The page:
384 Pages 87 B/W Illustrations
    by Chapman & Hall

    384 Pages
    by Chapman & Hall

    Drawing on the authors’ varied experiences working and teaching in the field, Analysis of Multivariate Social Science Data, Second Editionenables a basic understanding of how to use key multivariate methods in the social sciences. With updates in every chapter, this edition expands its topics to include regression analysis, confirmatory factor analysis, structural equation models, and multilevel models.

    After emphasizing the summarization of data in the first several chapters, the authors focus on regression analysis. This chapter provides a link between the two halves of the book, signaling the move from descriptive to inferential methods and from interdependence to dependence. The remainder of the text deals with model-based methods that primarily make inferences about processes that generate data.

    Relying heavily on numerical examples, the authors provide insight into the purpose and working of the methods as well as the interpretation of data. Many of the same examples are used throughout to illustrate connections between the methods. In most chapters, the authors present suggestions for further work that go beyond conventional exercises, encouraging readers to explore new ground in social science research.

    Requiring minimal mathematical and statistical knowledge, this book shows how various multivariate methods reveal different aspects of data and thus help answer substantive research questions.

    Setting the Scene
    Structure of the book
    Our limited use of mathematics
    The geometry of multivariate analysis
    Use of examples
    Data inspection, transformations, and missing data
    Cluster Analysis
    Classification in social sciences
    Some methods of cluster analysis
    Graphical presentation of results
    Derivation of the distance matrix
    Example on English dialects
    Clustering variables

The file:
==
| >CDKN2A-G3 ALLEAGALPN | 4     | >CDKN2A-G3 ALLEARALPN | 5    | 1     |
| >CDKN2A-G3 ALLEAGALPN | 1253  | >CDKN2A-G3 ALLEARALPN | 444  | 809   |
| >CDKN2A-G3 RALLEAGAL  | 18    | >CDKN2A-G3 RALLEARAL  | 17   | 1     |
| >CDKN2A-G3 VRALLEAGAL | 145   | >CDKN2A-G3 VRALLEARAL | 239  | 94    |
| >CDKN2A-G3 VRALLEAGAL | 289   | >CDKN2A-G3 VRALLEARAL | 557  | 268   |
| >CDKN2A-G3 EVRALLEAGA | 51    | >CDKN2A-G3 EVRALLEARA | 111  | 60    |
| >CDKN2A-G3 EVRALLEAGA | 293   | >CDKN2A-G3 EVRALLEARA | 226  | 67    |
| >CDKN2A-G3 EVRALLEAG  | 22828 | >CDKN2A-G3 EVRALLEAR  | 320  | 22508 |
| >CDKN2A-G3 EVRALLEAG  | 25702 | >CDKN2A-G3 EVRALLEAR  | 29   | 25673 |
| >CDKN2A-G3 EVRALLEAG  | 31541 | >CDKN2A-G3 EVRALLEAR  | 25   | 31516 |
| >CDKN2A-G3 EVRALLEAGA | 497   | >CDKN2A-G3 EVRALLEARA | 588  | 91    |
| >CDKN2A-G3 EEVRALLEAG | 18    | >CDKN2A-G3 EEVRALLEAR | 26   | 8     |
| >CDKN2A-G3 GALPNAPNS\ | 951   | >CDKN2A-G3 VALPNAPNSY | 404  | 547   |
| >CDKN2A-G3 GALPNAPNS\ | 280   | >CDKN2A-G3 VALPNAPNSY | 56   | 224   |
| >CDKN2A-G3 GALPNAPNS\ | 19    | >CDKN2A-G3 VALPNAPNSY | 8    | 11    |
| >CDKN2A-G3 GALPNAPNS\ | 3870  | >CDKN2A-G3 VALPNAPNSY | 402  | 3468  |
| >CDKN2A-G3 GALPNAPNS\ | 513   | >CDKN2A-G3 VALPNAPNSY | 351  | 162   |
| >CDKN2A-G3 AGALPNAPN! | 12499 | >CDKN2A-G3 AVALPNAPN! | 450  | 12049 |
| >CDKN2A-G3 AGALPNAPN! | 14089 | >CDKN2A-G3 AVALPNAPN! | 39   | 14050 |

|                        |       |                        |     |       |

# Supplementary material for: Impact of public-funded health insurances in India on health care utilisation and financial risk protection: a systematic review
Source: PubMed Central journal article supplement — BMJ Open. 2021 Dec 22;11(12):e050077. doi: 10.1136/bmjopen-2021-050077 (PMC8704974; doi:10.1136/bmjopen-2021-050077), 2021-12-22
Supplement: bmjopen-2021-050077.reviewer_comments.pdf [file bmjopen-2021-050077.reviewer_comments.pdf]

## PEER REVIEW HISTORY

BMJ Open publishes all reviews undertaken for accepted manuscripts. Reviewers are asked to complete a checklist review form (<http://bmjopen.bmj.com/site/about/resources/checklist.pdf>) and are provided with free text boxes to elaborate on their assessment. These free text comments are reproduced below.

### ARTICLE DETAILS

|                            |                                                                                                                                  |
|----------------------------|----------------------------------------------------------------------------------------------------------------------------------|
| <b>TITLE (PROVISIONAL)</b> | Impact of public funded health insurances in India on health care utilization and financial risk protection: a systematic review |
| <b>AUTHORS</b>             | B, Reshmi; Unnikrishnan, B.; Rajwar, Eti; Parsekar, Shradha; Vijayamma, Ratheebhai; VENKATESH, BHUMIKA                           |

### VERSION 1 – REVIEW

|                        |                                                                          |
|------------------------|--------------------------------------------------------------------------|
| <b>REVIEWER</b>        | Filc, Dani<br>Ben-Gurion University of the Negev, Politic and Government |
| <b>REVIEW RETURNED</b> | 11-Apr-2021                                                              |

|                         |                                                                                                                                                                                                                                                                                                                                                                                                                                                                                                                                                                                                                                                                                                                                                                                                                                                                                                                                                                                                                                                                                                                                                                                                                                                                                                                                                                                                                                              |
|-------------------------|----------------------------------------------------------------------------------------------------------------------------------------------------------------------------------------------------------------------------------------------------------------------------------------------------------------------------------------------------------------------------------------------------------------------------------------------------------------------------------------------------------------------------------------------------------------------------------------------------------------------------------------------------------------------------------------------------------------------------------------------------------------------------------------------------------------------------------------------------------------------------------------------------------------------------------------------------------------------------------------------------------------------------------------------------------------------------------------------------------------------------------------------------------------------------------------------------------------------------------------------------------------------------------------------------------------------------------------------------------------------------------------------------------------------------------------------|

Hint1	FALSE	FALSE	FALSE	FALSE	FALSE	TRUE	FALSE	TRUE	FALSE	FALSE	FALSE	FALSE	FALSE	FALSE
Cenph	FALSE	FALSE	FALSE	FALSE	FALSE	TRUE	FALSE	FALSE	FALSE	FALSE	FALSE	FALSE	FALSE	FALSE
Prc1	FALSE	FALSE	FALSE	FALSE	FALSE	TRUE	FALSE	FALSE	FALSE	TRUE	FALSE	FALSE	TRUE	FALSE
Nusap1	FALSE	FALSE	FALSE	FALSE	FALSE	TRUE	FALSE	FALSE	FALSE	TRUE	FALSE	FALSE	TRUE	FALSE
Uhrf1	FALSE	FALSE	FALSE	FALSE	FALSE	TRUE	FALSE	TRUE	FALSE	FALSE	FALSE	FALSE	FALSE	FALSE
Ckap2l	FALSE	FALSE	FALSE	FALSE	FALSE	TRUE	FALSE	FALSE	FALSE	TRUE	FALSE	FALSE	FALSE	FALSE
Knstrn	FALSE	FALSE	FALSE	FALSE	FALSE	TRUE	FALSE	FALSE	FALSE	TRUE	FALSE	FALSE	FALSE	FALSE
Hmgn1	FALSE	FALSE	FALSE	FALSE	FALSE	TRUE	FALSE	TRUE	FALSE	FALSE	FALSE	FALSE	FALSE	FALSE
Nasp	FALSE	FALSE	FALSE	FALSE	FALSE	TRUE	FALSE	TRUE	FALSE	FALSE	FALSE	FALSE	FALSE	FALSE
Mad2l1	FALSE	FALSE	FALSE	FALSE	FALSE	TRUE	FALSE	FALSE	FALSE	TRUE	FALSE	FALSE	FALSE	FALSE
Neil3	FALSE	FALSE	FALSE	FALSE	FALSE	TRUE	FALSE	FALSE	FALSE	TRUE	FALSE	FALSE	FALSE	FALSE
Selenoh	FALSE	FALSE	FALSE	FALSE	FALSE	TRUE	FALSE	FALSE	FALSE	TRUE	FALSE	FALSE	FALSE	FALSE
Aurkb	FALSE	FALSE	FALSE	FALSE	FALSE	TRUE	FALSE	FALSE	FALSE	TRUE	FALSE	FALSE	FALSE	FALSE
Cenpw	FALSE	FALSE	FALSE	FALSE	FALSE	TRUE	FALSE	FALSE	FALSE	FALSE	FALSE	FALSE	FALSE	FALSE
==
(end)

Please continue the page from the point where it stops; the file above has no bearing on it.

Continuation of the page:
Further examples and suggestions for further work
    Multidimensional Scaling
    Classical, ordinal, and metrical multidimensional scaling
    Comments on computational procedures
    Assessing fit and choosing the number of dimensions
    A worked example: dimensions of color vision
    Further examples and suggestions for further work
    Correspondence Analysis
    Aims of correspondence analysis
    Carrying out a correspondence analysis: a simple numerical example
    Carrying out a correspondence analysis: the general method
    The biplot
    Interpretation of dimensions
    Choosing the number of dimensions
    Example: confidence in purchasing from European Community countries
    Correspondence analysis of multiway tables
    Further examples and suggestions for further work
    Principal Components Analysis
    Some potential applications
    Illustration of PCA for two variables
    An outline of PCA
    Component scores
    The link between PCA and multidimensional scaling and between PCA and correspondence analysis
    Using principal component scores to replace the original variables
    Further examples and suggestions for further work
    NEW! Regression Analysis
    Basic ideas
    Simple linear regression
    A probability model for simple linear regression
    Inference for the simple linear regression model
    Checking the assumptions
    Multiple regression
    Examples of multiple regression
    Estimation and inference about the parameters
    Interpretation of the regression coefficients
    Selection of regressor variables
    Transformations and interactions
    Logistic regression
    Path analysis
    Further examples and suggestions for further work
    Factor Analysis
    Introduction to latent variable models
    The linear single-factor model
    The general linear factor model
    Adequacy of the model and choice of the number of factors